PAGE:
Why should this very talented and bright woman have, at some point in her life, been made to feel so ashamed about her literary proclivities and inclinations that she preemptively insists that she's not writing what she is, in fact, writing? There are plenty of very talented and intellectual writers working in the various branches of speculative fiction, including science fiction. Why have we allowed writing teachers and other opinion-makers to so tar all of them with the "pulp" brush that good writers writing in the field feel the need to make cringing declarations that they do not, of course, write that tripe?

All writing falls into one genre or another, whether that genre is "experimental prose" or "chicklit" or what I'd call "observational anecdotes." Why should science fiction and fantasy--which are apparently both elevated by calling them by their shared moniker "speculative fiction"--be singled out?

Sigh.

You're a science fiction writer, Ms. Atwood, and quite a good one. Embrace it. Shout it from the rooftops.
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Comments
serriadh From: serriadh Date: September 20th, 2009 09:11 pm (UTC) (Link)
Ursula le Guin wrote an excellent review of one of (in fact, I think this one) Atwood's books, making this very point.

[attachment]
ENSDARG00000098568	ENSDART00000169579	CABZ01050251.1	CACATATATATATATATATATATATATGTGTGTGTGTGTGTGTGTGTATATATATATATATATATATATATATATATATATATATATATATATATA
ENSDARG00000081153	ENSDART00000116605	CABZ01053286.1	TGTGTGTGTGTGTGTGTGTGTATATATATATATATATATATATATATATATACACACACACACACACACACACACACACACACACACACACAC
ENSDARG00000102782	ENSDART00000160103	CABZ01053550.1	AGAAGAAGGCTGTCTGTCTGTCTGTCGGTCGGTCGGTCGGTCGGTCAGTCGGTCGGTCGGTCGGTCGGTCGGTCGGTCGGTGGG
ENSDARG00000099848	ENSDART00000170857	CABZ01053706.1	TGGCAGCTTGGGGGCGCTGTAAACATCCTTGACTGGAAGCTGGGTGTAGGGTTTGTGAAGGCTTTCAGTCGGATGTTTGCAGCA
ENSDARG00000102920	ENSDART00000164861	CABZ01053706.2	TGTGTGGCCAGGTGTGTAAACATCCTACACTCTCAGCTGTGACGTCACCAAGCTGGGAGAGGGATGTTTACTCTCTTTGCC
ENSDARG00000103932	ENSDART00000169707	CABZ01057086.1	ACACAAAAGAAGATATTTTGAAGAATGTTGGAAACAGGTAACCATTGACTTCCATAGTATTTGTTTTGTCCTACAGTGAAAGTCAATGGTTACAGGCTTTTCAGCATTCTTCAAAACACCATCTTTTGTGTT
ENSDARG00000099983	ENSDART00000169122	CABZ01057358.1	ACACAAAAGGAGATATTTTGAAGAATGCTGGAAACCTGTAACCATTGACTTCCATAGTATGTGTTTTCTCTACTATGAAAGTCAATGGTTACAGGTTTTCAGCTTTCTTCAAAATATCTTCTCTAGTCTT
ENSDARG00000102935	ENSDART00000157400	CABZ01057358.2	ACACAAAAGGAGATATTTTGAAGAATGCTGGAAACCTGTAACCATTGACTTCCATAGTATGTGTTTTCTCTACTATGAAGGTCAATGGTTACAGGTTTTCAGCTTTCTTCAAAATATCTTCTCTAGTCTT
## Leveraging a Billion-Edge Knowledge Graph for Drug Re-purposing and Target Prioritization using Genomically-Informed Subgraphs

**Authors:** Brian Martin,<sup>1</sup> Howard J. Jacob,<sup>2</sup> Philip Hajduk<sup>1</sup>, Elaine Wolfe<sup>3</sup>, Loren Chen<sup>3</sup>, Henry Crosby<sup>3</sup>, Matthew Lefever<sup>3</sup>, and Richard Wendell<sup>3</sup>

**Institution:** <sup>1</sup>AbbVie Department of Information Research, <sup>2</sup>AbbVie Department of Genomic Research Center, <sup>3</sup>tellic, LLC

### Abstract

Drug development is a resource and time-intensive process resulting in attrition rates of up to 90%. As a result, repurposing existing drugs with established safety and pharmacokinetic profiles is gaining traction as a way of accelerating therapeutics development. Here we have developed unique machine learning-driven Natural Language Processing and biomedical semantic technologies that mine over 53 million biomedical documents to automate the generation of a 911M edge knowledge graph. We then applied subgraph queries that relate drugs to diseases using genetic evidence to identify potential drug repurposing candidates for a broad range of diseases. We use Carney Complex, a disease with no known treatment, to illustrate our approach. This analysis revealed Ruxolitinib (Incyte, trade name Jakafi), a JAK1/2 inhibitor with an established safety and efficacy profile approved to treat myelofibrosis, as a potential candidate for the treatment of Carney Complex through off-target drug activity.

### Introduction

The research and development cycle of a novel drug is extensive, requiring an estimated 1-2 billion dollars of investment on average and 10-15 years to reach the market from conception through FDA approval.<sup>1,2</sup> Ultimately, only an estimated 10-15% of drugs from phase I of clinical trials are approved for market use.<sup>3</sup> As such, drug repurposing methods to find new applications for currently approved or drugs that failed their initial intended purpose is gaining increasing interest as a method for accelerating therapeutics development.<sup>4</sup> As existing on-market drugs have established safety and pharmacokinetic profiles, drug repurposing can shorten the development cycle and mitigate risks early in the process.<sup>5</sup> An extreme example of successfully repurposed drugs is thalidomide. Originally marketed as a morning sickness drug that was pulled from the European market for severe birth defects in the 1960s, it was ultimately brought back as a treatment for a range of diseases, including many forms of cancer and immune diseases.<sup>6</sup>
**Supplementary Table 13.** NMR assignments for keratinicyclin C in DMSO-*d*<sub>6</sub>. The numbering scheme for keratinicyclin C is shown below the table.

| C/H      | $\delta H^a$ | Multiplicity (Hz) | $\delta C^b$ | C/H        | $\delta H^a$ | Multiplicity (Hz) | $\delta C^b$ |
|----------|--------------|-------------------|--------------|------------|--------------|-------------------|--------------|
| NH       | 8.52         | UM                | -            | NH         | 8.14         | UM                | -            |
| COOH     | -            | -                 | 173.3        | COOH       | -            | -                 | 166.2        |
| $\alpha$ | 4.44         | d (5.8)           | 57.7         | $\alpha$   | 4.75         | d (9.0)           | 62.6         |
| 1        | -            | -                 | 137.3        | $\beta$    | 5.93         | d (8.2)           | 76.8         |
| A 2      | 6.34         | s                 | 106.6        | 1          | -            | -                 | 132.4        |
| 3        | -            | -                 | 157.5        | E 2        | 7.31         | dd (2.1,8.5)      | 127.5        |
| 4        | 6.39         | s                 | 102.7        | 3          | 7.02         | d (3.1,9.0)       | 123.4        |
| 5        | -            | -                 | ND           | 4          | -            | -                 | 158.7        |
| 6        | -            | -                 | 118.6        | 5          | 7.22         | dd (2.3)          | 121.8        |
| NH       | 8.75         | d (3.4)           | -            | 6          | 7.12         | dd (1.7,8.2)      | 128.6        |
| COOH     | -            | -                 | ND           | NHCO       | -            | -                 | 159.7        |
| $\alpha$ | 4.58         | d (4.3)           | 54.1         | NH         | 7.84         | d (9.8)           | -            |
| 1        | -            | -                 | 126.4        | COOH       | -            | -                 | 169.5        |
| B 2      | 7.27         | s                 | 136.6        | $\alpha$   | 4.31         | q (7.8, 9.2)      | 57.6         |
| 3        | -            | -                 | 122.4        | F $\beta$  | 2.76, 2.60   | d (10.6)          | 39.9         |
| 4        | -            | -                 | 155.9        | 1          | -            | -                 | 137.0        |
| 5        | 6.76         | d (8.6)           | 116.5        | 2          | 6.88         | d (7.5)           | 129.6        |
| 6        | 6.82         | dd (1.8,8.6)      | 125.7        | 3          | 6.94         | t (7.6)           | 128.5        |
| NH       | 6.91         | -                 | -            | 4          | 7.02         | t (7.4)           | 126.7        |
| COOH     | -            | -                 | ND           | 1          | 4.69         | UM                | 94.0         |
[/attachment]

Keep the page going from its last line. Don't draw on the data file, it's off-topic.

(And you do get people saying they don't write romances - or rather, you get books that would be classed as 'romance' somehow elevated to 'literature' and no one mentions it. 'Atonement', for example, is both historical fiction and romance, but it's notttt - as far as I've seen - classed as either of those).

Here's a link to the le Guin review.
fernwithy From: fernwithy Date: September 20th, 2009 09:18 pm (UTC) (Link)
How funny. I knew I liked LeGuin! But her review makes me less likely to want to read the book than the NYT one does, I must admit.
fiatincantatum From: fiatincantatum Date: September 20th, 2009 09:24 pm (UTC) (Link)
Because "sci-fi" is mere entertainment for the unwashed masses, whereas SHE is Making Art?
fernwithy From: fernwithy Date: September 20th, 2009 09:27 pm (UTC) (Link)
Ah, yes, of course. Which is a very off-putting attitude that probably costs her sales!
author_by_night From: author_by_night Date: September 20th, 2009 09:29 pm (UTC) (Link)
I wonder if it's the same reason the Sci Fi channel changed their name to Sy Fy - they're sick of the "loser" stereotype that is associated with Science Fiction. And sadly, there are people who think if you're an adult and into that sort of thing, something is clearly wrong in your life. I have a co-worker who dresses up at Star Wars conventions, and another co-worker was making fun of him for it and scoffing fan conventions in general. "We passed one when I was eleven and I was like, Mom, I'm scared." Yeah, well, your eleven year old self probably hoarded a scary number of Beanie Babies and had a scary number of Spice Girls CDs, what's your point?